In re TM (HSC January 6, 2014)
Background. Mother had her child, TM, when she was fifteen years old. About a year later, mother was diagnosed with mental health issues. The Department of Human Services filed two petitions for foster care. One for the mother and the other for TM. At the initial hearing on both petitions, the family court addressed all of the parents and encouraged them to get counsel. If they could not afford counsel, the court would review an application and appoint one if they qualified. The family court then addressed Mother and said it would “find a person that can act” as both a guardian ad litem and a lawyer. Mother’s guardian appeared at subsequent hearings and told the family court that there may be a conflict of interest between what is in Mother’s best interest and what she wants to do about her child. No lawyer was appointed. For nearly two years, no lawyer was appointed. Finally, DHS moved to terminate Mother’s rights to TM.
When Mother turned 18, her case as a child was dismissed. The family court eventually appointed counsel for Mother in anticipation of the termination of parental rights hearing. Soon after the appointment of counsel, Mother tried to continue the hearing. All motions to continue were denied. At the hearing, Mother presented evidence that she was improving her situation and with more time she could have a stable house, job, and motor vehicle. Again, the motion was not continued. The family court granted Mother’s motion to terminate parental rights. Mother appealed. The ICA affirmed; Chief Judge Nakamura dissented. Mother petitioned for certiorari.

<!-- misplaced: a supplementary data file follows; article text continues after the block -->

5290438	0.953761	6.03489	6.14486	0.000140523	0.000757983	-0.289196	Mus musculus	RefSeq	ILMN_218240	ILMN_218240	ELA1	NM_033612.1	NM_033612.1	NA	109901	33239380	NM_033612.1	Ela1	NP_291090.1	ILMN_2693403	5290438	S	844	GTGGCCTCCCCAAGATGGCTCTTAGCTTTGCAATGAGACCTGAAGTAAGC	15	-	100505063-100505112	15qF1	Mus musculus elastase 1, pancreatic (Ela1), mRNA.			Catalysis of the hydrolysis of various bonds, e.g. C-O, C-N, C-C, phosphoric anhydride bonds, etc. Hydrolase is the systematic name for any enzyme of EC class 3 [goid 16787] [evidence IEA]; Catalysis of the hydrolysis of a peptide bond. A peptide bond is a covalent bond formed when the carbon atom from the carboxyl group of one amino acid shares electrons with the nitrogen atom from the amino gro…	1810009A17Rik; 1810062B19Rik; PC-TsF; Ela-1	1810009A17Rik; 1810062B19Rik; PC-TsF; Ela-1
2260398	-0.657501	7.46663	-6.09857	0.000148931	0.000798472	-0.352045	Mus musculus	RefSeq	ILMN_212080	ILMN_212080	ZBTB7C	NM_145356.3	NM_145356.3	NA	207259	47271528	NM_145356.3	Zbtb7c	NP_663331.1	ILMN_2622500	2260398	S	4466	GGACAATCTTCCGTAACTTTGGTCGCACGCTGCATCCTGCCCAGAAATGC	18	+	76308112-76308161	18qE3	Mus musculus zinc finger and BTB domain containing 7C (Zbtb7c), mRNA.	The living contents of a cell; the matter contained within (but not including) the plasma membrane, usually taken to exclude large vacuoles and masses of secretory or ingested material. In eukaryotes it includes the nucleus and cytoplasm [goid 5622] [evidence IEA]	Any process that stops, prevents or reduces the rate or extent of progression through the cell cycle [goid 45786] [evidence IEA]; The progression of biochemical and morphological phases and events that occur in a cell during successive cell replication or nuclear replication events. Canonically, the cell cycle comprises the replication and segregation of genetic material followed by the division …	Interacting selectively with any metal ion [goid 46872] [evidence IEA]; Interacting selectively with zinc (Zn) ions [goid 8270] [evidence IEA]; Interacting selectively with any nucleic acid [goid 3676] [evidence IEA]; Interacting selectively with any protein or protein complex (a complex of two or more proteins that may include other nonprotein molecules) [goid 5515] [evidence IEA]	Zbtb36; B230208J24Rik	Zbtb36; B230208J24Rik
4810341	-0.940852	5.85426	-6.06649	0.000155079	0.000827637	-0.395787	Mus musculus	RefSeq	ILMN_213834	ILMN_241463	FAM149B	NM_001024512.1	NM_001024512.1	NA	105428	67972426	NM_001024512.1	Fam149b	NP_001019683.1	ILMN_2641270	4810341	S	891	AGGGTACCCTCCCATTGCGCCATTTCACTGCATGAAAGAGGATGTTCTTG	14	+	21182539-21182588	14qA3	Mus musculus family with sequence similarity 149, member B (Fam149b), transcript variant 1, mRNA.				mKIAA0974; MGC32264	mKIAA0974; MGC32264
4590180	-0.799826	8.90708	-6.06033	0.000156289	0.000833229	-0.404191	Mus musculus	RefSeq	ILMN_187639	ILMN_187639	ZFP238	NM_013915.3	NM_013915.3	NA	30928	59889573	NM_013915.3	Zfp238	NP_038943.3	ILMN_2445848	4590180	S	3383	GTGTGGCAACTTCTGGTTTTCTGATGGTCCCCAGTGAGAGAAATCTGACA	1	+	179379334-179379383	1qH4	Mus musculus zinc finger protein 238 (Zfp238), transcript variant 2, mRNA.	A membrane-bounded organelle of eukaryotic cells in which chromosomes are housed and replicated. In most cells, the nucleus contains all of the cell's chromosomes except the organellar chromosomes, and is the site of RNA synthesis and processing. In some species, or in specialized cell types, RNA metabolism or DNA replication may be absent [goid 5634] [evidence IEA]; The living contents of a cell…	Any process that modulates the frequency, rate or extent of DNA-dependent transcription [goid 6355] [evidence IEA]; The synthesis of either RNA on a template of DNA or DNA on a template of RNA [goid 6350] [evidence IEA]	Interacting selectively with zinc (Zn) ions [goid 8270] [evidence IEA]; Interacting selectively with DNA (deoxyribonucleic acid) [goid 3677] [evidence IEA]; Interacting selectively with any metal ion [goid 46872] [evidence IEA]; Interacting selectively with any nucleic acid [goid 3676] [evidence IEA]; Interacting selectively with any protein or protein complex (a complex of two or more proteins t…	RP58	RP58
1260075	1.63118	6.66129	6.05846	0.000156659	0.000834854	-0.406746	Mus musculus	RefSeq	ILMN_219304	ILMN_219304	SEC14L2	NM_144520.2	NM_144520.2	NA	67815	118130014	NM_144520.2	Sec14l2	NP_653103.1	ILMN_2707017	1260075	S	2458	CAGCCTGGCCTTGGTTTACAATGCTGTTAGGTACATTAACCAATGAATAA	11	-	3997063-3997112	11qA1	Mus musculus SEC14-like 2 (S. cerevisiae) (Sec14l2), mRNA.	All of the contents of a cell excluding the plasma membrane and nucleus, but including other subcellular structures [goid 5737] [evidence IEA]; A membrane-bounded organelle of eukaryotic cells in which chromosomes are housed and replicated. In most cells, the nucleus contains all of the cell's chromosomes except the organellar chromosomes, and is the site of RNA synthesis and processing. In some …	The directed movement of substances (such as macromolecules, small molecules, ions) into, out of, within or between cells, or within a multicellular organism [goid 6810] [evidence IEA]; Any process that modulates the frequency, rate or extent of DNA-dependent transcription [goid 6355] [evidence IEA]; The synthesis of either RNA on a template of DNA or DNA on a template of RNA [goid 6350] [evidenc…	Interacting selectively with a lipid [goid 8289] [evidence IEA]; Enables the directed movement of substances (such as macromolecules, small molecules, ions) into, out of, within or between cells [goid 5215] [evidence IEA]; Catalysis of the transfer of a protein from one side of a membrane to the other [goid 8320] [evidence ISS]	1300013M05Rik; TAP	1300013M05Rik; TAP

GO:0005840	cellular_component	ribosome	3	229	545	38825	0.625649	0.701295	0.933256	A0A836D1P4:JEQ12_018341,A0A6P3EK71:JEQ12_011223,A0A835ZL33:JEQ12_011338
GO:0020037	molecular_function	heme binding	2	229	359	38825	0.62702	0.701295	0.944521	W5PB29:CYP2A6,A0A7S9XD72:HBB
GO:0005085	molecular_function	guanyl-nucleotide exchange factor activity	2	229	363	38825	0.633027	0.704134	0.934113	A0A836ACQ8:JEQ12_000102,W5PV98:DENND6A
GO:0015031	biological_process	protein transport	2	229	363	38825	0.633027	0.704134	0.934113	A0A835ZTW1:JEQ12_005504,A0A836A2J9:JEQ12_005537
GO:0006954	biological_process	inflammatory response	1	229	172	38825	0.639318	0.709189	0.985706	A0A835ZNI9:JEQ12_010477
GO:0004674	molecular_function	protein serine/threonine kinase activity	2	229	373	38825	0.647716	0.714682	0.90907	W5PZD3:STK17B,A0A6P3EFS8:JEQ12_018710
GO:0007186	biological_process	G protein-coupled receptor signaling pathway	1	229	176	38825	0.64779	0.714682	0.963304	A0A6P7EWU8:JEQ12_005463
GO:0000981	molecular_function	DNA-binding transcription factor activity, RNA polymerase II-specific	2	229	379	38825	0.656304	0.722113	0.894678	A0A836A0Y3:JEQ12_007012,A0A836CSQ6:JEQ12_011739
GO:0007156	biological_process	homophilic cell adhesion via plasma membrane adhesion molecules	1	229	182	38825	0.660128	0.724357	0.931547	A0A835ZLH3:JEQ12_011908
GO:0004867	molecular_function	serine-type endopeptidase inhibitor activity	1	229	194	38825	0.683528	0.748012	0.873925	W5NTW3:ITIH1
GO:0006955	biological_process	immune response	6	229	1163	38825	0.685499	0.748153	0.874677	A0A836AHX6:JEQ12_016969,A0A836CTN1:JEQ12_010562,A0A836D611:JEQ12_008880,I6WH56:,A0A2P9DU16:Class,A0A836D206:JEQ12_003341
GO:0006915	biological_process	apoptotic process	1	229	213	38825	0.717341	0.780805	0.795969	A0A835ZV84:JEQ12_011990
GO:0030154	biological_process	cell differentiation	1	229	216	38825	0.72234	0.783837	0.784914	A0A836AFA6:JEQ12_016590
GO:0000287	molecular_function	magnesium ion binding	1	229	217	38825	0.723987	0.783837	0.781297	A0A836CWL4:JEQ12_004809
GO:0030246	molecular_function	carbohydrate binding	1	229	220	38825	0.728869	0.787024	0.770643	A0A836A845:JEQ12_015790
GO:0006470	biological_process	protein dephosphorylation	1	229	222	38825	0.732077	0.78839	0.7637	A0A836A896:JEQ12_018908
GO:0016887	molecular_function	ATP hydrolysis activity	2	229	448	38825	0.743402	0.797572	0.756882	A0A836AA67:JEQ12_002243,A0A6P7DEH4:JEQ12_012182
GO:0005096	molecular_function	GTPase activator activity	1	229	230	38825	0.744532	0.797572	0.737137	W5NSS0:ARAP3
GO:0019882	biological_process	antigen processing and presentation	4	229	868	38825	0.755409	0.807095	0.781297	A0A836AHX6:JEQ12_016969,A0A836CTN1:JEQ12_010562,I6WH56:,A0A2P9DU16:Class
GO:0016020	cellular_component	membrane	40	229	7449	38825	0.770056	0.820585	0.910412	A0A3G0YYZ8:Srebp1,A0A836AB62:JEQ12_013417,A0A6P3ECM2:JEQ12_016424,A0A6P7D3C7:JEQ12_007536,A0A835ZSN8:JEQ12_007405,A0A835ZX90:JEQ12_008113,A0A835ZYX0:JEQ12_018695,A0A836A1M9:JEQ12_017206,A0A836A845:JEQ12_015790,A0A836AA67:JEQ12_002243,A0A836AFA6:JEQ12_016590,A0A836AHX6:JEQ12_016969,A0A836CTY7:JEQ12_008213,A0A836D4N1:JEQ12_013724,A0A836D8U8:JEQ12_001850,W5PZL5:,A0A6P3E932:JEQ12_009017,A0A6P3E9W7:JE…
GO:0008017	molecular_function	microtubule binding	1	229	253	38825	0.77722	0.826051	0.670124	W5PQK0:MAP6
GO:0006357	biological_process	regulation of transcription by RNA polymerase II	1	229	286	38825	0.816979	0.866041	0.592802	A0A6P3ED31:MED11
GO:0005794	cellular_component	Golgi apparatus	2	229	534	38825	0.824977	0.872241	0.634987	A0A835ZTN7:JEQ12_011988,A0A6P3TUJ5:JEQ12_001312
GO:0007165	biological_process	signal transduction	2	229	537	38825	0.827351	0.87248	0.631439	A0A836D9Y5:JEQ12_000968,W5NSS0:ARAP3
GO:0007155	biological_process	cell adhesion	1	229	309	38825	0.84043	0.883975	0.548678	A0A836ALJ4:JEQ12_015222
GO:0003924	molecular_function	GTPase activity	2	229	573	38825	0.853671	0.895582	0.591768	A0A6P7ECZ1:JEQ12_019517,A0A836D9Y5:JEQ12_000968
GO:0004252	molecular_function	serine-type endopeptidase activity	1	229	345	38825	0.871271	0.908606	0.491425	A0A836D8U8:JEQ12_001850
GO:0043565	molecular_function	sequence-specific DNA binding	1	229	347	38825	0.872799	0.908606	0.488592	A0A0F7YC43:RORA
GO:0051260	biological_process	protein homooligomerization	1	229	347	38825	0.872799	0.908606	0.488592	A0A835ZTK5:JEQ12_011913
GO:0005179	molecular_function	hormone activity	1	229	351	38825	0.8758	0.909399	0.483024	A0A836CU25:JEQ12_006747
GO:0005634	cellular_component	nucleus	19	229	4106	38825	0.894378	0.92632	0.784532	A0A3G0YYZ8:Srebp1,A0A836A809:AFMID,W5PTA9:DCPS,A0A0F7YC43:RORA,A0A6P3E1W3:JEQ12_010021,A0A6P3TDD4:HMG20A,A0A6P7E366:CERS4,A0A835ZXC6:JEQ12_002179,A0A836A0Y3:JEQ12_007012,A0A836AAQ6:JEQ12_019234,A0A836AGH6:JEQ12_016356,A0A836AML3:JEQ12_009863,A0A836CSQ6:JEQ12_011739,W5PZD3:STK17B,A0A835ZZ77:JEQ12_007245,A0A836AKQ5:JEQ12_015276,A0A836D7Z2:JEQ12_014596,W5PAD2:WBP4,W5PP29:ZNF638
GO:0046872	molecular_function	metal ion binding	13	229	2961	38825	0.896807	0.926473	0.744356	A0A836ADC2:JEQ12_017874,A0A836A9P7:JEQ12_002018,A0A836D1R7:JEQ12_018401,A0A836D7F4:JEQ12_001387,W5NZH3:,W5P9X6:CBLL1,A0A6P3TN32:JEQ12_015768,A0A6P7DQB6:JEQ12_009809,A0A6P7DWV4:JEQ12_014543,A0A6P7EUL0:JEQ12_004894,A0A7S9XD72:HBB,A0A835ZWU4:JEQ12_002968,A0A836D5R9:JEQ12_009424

An Abuse of Discretion under the Old Standard . . . The family court “may” appoint counsel for indigent parents in proceedings involving child custody. HRS § 587A-34 and 17. The decision on when and whether to appoint counsel was reviewed for an abuse of discretion. In re Doe, 99 Hawaii 522, 57 P.3d 477 (2002). Under this standard, the HSC held that the family court abused its discretion in waiting almost 19 months before appointing counsel. DHS must and will file a motion for the termination of parental rights if a child is in temporary foster care for more than 24 consecutive months. HRS § 587A-33. Still, there was no indication that Mother was aware of this deadline. The record also showed that the family court was well aware of the need for an attorney, but did nothing to appoint one for over nineteen months. The absence of counsel was brought to the family court’s attention during this period, but nothing happened. In sum, the HSC held that the failure to appoint counsel during the first 19 months and with only 5 months before a termination of parental rights hearing was an abuse of discretion.
. . . And a now for the New Standard. According to the HSC, this case “reveals the inadequacy of an approach that allows the appointment of counsel to be determined on a case-by-case basis once DHS moves to assert foster custody over a child.” It is well-established that “parents have a substantial liberty interest in the care, custody, and control of their children protected by the due process clause of article I, section 5 of the Hawaii Constitution.” In re Doe, 99 Hawaii at 533, 57 P.3d at 459. Because of that constitutional dimension, “the state may not deprive a person of his or her liberty interest without providing a fair procedure for the deprivation.” Id.
The HSC noted that inherent in this liberty interest and the need for a “fair procedure” is the right to effective assistance of counsel. In re RGB, 123 Hawaii 1, 17, 229 P.3d 1066, 1082 (2010). The HSC held that counsel is necessary to assist parents whose children have been placed in foster care—even if no termination proceedings were initiated. “[A]s soon as DHS files a petition asserting custody over a child, parents’ rights are ‘substantially affected.’ At that point, an attorney is essential to protect an indigent parent’s liberty interest in the care, custody, and control of his or her children.” Thus, the case-by-case approach was abandoned and “upon the filing date of this opinion [January 6, 2014], trial courts must appoint counsel for indigent parents upon the granting of a petition to DHS for temporary foster care of their children.”